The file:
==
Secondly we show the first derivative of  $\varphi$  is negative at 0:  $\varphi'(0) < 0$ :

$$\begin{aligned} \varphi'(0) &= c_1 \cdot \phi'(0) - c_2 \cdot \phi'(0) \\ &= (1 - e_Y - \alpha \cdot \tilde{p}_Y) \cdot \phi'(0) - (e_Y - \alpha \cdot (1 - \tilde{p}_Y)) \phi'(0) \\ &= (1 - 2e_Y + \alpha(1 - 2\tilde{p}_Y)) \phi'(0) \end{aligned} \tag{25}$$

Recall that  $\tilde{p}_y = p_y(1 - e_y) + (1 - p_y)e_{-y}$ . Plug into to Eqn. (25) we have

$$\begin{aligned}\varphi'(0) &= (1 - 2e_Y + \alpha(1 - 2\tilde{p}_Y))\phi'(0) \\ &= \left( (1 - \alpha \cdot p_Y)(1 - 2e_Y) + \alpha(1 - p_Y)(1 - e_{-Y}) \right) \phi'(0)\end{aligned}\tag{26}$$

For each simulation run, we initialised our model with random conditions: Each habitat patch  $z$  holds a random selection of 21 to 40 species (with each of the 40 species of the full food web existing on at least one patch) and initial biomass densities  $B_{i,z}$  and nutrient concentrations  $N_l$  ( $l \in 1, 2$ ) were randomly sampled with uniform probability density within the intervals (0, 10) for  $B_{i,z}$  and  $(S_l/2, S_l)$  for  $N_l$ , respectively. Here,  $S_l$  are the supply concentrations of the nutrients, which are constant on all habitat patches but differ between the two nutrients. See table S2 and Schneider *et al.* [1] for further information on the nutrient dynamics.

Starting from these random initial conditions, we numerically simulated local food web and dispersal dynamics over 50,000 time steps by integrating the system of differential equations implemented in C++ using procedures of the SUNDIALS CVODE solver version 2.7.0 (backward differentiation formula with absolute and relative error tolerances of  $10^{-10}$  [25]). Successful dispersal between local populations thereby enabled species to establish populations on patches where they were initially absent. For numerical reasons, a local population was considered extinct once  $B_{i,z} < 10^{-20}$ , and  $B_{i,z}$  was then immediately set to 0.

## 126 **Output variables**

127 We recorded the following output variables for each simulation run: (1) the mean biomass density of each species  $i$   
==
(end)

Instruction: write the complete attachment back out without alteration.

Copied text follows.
Secondly we show the first derivative of  $\varphi$  is negative at 0:  $\varphi'(0) < 0$ :

$$\begin{aligned} \varphi'(0) &= c_1 \cdot \phi'(0) - c_2 \cdot \phi'(0) \\ &= (1 - e_Y - \alpha \cdot \tilde{p}_Y) \cdot \phi'(0) - (e_Y - \alpha \cdot (1 - \tilde{p}_Y)) \phi'(0) \\ &= (1 - 2e_Y + \alpha(1 - 2\tilde{p}_Y)) \phi'(0) \end{aligned} \tag{25}$$

Recall that  $\tilde{p}_y = p_y(1 - e_y) + (1 - p_y)e_{-y}$ . Plug into to Eqn. (25) we have

$$\begin{aligned}\varphi'(0) &= (1 - 2e_Y + \alpha(1 - 2\tilde{p}_Y))\phi'(0) \\ &= \left( (1 - \alpha \cdot p_Y)(1 - 2e_Y) + \alpha(1 - p_Y)(1 - e_{-Y}) \right) \phi'(0)\end{aligned}\tag{26}$$

For each simulation run, we initialised our model with random conditions: Each habitat patch  $z$  holds a random selection of 21 to 40 species (with each of the 40 species of the full food web existing on at least one patch) and initial biomass densities  $B_{i,z}$  and nutrient concentrations  $N_l$  ( $l \in 1, 2$ ) were randomly sampled with uniform probability density within the intervals (0, 10) for  $B_{i,z}$  and  $(S_l/2, S_l)$  for  $N_l$ , respectively. Here,  $S_l$  are the supply concentrations of the nutrients, which are constant on all habitat patches but differ between the two nutrients. See table S2 and Schneider *et al.* [1] for further information on the nutrient dynamics.

Starting from these random initial conditions, we numerically simulated local food web and dispersal dynamics over 50,000 time steps by integrating the system of differential equations implemented in C++ using procedures of the SUNDIALS CVODE solver version 2.7.0 (backward differentiation formula with absolute and relative error tolerances of  $10^{-10}$  [25]). Successful dispersal between local populations thereby enabled species to establish populations on patches where they were initially absent. For numerical reasons, a local population was considered extinct once  $B_{i,z} < 10^{-20}$ , and  $B_{i,z}$  was then immediately set to 0.

## 126 **Output variables**

127 We recorded the following output variables for each simulation run: (1) the mean biomass density of each species  $i$   